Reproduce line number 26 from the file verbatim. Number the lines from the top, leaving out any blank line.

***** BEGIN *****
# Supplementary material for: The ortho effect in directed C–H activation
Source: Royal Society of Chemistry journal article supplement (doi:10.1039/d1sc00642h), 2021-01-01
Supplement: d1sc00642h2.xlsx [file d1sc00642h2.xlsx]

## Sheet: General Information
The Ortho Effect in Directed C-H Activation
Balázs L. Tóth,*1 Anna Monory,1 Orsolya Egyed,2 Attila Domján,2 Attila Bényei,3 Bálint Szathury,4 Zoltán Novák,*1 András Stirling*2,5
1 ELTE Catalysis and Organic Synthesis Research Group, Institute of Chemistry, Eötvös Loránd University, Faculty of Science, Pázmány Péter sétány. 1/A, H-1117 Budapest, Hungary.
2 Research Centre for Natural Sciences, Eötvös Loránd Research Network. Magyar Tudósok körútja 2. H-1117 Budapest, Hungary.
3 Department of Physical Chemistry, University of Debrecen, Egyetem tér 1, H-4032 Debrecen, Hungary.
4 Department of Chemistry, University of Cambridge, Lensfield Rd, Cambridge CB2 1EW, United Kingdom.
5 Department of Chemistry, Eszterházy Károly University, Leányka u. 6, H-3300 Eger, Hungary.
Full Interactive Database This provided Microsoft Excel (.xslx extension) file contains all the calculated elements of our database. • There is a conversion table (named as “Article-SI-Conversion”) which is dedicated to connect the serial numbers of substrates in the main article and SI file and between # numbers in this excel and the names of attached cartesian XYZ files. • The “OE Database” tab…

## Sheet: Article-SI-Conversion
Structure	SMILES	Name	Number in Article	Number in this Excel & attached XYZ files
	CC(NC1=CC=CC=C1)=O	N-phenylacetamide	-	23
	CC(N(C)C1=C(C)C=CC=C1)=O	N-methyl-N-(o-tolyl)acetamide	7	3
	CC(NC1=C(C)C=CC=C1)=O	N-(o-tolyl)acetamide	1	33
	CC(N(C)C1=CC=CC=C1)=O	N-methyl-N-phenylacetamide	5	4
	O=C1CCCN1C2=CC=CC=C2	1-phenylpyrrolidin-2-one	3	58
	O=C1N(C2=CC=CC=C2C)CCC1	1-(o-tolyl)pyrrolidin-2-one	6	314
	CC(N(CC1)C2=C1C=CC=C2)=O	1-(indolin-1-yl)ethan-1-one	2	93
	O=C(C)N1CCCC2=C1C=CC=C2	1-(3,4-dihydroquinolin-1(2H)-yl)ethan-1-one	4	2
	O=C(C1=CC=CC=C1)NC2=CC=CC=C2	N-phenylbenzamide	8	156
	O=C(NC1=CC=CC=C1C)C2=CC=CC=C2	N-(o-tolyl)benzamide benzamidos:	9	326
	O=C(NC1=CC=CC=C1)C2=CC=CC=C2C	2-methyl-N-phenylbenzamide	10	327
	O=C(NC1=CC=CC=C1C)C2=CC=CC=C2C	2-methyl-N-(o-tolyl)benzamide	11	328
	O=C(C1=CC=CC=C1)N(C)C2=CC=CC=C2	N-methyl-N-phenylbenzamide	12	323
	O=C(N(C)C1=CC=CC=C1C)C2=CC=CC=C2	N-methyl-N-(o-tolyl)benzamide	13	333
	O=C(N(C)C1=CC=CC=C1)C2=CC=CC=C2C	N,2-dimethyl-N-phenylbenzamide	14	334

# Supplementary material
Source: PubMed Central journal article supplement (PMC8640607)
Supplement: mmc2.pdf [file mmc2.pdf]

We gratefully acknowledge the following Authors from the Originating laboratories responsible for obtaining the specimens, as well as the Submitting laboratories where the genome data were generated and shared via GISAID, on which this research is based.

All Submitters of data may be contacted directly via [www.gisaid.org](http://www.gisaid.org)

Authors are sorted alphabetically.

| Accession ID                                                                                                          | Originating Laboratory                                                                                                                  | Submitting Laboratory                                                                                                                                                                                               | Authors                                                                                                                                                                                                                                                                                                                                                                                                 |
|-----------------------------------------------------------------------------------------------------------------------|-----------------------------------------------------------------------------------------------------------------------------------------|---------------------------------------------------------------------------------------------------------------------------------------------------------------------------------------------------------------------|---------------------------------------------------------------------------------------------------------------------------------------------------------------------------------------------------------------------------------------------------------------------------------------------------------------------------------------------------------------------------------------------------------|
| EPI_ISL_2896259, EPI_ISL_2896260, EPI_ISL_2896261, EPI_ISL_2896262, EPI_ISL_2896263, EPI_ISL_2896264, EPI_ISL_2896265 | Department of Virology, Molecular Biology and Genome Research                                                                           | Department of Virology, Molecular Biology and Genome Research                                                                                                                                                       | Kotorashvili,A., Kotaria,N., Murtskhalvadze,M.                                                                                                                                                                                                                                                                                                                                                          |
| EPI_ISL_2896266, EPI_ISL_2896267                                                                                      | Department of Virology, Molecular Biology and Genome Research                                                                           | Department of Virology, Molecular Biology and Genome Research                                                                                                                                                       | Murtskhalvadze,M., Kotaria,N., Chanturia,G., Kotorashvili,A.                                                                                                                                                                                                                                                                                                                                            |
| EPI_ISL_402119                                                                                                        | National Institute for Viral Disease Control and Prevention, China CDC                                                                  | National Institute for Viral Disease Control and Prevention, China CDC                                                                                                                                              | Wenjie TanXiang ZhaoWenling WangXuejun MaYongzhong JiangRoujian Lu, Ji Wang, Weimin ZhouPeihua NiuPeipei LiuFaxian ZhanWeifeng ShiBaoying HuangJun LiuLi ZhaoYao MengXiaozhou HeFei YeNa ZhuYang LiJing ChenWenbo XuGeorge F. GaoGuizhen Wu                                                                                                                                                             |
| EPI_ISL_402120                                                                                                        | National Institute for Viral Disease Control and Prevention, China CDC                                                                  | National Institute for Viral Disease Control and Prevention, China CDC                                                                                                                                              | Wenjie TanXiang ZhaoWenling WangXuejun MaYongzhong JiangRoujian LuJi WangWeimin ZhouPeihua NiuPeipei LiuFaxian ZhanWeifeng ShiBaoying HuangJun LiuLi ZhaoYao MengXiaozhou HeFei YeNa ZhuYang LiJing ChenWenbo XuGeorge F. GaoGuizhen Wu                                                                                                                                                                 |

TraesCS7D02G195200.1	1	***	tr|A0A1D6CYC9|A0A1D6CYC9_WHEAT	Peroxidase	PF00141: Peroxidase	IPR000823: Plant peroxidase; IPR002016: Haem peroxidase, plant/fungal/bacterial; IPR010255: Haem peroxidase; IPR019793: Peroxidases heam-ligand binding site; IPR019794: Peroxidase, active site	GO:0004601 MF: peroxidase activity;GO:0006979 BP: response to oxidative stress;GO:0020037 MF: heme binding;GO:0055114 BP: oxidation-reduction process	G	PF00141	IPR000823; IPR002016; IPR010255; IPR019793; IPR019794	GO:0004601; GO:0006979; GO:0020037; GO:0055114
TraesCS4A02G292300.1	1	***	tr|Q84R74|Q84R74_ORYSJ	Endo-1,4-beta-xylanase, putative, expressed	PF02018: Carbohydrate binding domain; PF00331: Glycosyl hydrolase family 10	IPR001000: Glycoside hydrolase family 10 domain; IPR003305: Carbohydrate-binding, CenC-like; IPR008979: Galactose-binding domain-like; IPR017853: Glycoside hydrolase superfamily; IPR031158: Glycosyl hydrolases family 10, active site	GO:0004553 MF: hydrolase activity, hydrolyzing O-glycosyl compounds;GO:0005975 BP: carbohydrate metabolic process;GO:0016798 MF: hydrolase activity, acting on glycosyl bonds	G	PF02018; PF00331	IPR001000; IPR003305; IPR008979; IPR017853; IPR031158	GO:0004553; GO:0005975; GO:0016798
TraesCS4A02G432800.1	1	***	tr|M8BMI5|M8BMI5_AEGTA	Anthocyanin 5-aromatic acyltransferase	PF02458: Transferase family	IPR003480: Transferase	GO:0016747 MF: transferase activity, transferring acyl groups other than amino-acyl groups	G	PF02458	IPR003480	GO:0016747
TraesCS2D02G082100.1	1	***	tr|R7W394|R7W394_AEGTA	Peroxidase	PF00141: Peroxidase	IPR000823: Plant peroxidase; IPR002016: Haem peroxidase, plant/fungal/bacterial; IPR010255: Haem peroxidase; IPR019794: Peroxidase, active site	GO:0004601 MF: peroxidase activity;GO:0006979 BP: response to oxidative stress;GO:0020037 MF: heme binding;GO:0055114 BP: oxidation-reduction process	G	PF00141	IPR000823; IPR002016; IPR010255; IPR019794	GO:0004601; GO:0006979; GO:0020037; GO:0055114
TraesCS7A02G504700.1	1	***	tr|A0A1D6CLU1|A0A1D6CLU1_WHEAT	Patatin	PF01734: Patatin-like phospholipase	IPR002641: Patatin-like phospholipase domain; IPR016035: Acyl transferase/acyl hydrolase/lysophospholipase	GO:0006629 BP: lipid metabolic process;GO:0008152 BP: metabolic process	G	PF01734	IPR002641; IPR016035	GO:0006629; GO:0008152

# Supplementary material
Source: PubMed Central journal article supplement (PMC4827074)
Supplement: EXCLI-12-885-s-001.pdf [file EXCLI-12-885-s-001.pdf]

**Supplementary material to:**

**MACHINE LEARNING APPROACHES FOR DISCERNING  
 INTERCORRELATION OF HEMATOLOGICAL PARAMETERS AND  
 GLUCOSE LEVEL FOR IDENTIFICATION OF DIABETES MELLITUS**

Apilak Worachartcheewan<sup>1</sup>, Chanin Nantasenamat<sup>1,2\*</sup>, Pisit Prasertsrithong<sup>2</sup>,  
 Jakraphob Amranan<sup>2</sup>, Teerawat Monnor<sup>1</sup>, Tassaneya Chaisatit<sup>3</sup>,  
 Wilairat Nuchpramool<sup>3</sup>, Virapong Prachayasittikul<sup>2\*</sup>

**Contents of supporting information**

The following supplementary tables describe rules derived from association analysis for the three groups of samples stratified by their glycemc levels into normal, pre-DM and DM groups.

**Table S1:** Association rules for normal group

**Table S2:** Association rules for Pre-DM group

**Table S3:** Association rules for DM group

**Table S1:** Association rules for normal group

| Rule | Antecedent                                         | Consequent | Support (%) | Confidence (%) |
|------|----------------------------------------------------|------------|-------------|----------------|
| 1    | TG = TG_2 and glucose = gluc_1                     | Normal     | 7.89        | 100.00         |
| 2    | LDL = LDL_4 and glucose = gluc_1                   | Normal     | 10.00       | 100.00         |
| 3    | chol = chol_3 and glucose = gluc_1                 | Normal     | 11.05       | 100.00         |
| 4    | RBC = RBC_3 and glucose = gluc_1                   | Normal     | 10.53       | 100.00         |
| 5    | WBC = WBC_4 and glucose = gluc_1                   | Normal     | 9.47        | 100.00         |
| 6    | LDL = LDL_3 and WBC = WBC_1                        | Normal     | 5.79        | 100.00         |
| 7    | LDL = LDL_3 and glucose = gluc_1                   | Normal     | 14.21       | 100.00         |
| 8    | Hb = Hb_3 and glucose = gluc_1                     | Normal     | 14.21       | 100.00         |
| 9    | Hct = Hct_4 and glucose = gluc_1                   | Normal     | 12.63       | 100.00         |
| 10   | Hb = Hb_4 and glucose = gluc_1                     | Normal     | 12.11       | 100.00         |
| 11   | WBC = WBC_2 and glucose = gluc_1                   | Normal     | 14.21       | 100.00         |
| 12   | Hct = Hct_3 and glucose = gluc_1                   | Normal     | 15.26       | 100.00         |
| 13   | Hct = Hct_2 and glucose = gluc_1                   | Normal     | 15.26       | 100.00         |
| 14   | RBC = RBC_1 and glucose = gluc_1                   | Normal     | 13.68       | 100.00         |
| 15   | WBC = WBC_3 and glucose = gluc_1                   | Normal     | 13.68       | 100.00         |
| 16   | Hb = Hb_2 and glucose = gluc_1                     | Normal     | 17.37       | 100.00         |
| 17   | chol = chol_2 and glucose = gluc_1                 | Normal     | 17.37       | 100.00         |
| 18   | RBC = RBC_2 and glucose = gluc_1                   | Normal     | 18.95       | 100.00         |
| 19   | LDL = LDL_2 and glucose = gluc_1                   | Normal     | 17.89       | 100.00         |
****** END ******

	O=C(NC1=CC=CC=C1C)C2=CC=CC=C2C	2-methyl-N-(o-tolyl)benzamide	11	328